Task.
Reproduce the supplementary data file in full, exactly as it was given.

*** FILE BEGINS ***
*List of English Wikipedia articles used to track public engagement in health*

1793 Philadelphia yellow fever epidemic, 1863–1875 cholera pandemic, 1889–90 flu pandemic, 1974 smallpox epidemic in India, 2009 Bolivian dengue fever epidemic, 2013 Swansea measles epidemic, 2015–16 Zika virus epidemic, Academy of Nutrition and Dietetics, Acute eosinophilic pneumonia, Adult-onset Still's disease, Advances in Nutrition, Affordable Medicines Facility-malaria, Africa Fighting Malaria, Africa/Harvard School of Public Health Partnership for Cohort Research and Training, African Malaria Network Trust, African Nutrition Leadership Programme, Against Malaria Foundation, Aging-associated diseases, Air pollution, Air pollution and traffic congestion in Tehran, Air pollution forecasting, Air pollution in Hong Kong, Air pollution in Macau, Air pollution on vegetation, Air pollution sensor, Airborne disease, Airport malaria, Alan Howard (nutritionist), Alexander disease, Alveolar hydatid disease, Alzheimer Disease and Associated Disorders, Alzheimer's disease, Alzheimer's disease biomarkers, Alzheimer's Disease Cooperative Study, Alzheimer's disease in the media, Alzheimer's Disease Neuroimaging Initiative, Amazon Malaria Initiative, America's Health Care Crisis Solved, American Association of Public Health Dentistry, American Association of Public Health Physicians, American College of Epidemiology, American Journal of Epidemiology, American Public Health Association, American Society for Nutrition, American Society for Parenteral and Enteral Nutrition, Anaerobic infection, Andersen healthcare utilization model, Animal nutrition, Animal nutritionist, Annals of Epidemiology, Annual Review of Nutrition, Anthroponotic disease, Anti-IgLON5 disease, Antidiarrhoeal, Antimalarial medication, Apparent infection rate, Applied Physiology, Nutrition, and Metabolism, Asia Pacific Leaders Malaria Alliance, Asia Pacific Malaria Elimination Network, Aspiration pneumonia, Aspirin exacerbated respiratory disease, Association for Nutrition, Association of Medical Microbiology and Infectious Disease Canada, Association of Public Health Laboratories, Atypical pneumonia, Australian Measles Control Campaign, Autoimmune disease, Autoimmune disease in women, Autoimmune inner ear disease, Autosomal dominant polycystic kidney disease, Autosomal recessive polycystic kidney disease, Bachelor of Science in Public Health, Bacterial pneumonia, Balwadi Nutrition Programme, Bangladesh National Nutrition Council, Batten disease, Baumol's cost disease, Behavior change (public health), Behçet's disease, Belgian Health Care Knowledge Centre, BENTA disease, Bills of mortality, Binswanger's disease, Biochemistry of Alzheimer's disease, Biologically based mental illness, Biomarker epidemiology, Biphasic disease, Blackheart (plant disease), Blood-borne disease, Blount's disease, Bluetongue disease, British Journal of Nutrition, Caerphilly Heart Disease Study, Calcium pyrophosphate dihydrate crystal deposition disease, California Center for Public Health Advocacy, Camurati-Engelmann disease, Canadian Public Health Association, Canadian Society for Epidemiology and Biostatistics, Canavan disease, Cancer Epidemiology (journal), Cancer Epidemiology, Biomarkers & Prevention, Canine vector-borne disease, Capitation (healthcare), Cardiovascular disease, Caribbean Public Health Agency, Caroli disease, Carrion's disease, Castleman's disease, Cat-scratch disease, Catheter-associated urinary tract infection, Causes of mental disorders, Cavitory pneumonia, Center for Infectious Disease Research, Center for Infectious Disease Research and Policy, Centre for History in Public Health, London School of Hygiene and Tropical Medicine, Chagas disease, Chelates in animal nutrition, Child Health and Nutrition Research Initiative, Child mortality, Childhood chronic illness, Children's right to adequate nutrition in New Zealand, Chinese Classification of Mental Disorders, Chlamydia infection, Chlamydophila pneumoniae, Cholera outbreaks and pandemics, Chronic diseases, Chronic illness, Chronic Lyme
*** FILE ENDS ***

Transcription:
*List of English Wikipedia articles used to track public engagement in health*

1793 Philadelphia yellow fever epidemic, 1863–1875 cholera pandemic, 1889–90 flu pandemic, 1974 smallpox epidemic in India, 2009 Bolivian dengue fever epidemic, 2013 Swansea measles epidemic, 2015–16 Zika virus epidemic, Academy of Nutrition and Dietetics, Acute eosinophilic pneumonia, Adult-onset Still's disease, Advances in Nutrition, Affordable Medicines Facility-malaria, Africa Fighting Malaria, Africa/Harvard School of Public Health Partnership for Cohort Research and Training, African Malaria Network Trust, African Nutrition Leadership Programme, Against Malaria Foundation, Aging-associated diseases, Air pollution, Air pollution and traffic congestion in Tehran, Air pollution forecasting, Air pollution in Hong Kong, Air pollution in Macau, Air pollution on vegetation, Air pollution sensor, Airborne disease, Airport malaria, Alan Howard (nutritionist), Alexander disease, Alveolar hydatid disease, Alzheimer Disease and Associated Disorders, Alzheimer's disease, Alzheimer's disease biomarkers, Alzheimer's Disease Cooperative Study, Alzheimer's disease in the media, Alzheimer's Disease Neuroimaging Initiative, Amazon Malaria Initiative, America's Health Care Crisis Solved, American Association of Public Health Dentistry, American Association of Public Health Physicians, American College of Epidemiology, American Journal of Epidemiology, American Public Health Association, American Society for Nutrition, American Society for Parenteral and Enteral Nutrition, Anaerobic infection, Andersen healthcare utilization model, Animal nutrition, Animal nutritionist, Annals of Epidemiology, Annual Review of Nutrition, Anthroponotic disease, Anti-IgLON5 disease, Antidiarrhoeal, Antimalarial medication, Apparent infection rate, Applied Physiology, Nutrition, and Metabolism, Asia Pacific Leaders Malaria Alliance, Asia Pacific Malaria Elimination Network, Aspiration pneumonia, Aspirin exacerbated respiratory disease, Association for Nutrition, Association of Medical Microbiology and Infectious Disease Canada, Association of Public Health Laboratories, Atypical pneumonia, Australian Measles Control Campaign, Autoimmune disease, Autoimmune disease in women, Autoimmune inner ear disease, Autosomal dominant polycystic kidney disease, Autosomal recessive polycystic kidney disease, Bachelor of Science in Public Health, Bacterial pneumonia, Balwadi Nutrition Programme, Bangladesh National Nutrition Council, Batten disease, Baumol's cost disease, Behavior change (public health), Behçet's disease, Belgian Health Care Knowledge Centre, BENTA disease, Bills of mortality, Binswanger's disease, Biochemistry of Alzheimer's disease, Biologically based mental illness, Biomarker epidemiology, Biphasic disease, Blackheart (plant disease), Blood-borne disease, Blount's disease, Bluetongue disease, British Journal of Nutrition, Caerphilly Heart Disease Study, Calcium pyrophosphate dihydrate crystal deposition disease, California Center for Public Health Advocacy, Camurati-Engelmann disease, Canadian Public Health Association, Canadian Society for Epidemiology and Biostatistics, Canavan disease, Cancer Epidemiology (journal), Cancer Epidemiology, Biomarkers & Prevention, Canine vector-borne disease, Capitation (healthcare), Cardiovascular disease, Caribbean Public Health Agency, Caroli disease, Carrion's disease, Castleman's disease, Cat-scratch disease, Catheter-associated urinary tract infection, Causes of mental disorders, Cavitory pneumonia, Center for Infectious Disease Research, Center for Infectious Disease Research and Policy, Centre for History in Public Health, London School of Hygiene and Tropical Medicine, Chagas disease, Chelates in animal nutrition, Child Health and Nutrition Research Initiative, Child mortality, Childhood chronic illness, Children's right to adequate nutrition in New Zealand, Chinese Classification of Mental Disorders, Chlamydia infection, Chlamydophila pneumoniae, Cholera outbreaks and pandemics, Chronic diseases, Chronic illness, Chronic Lyme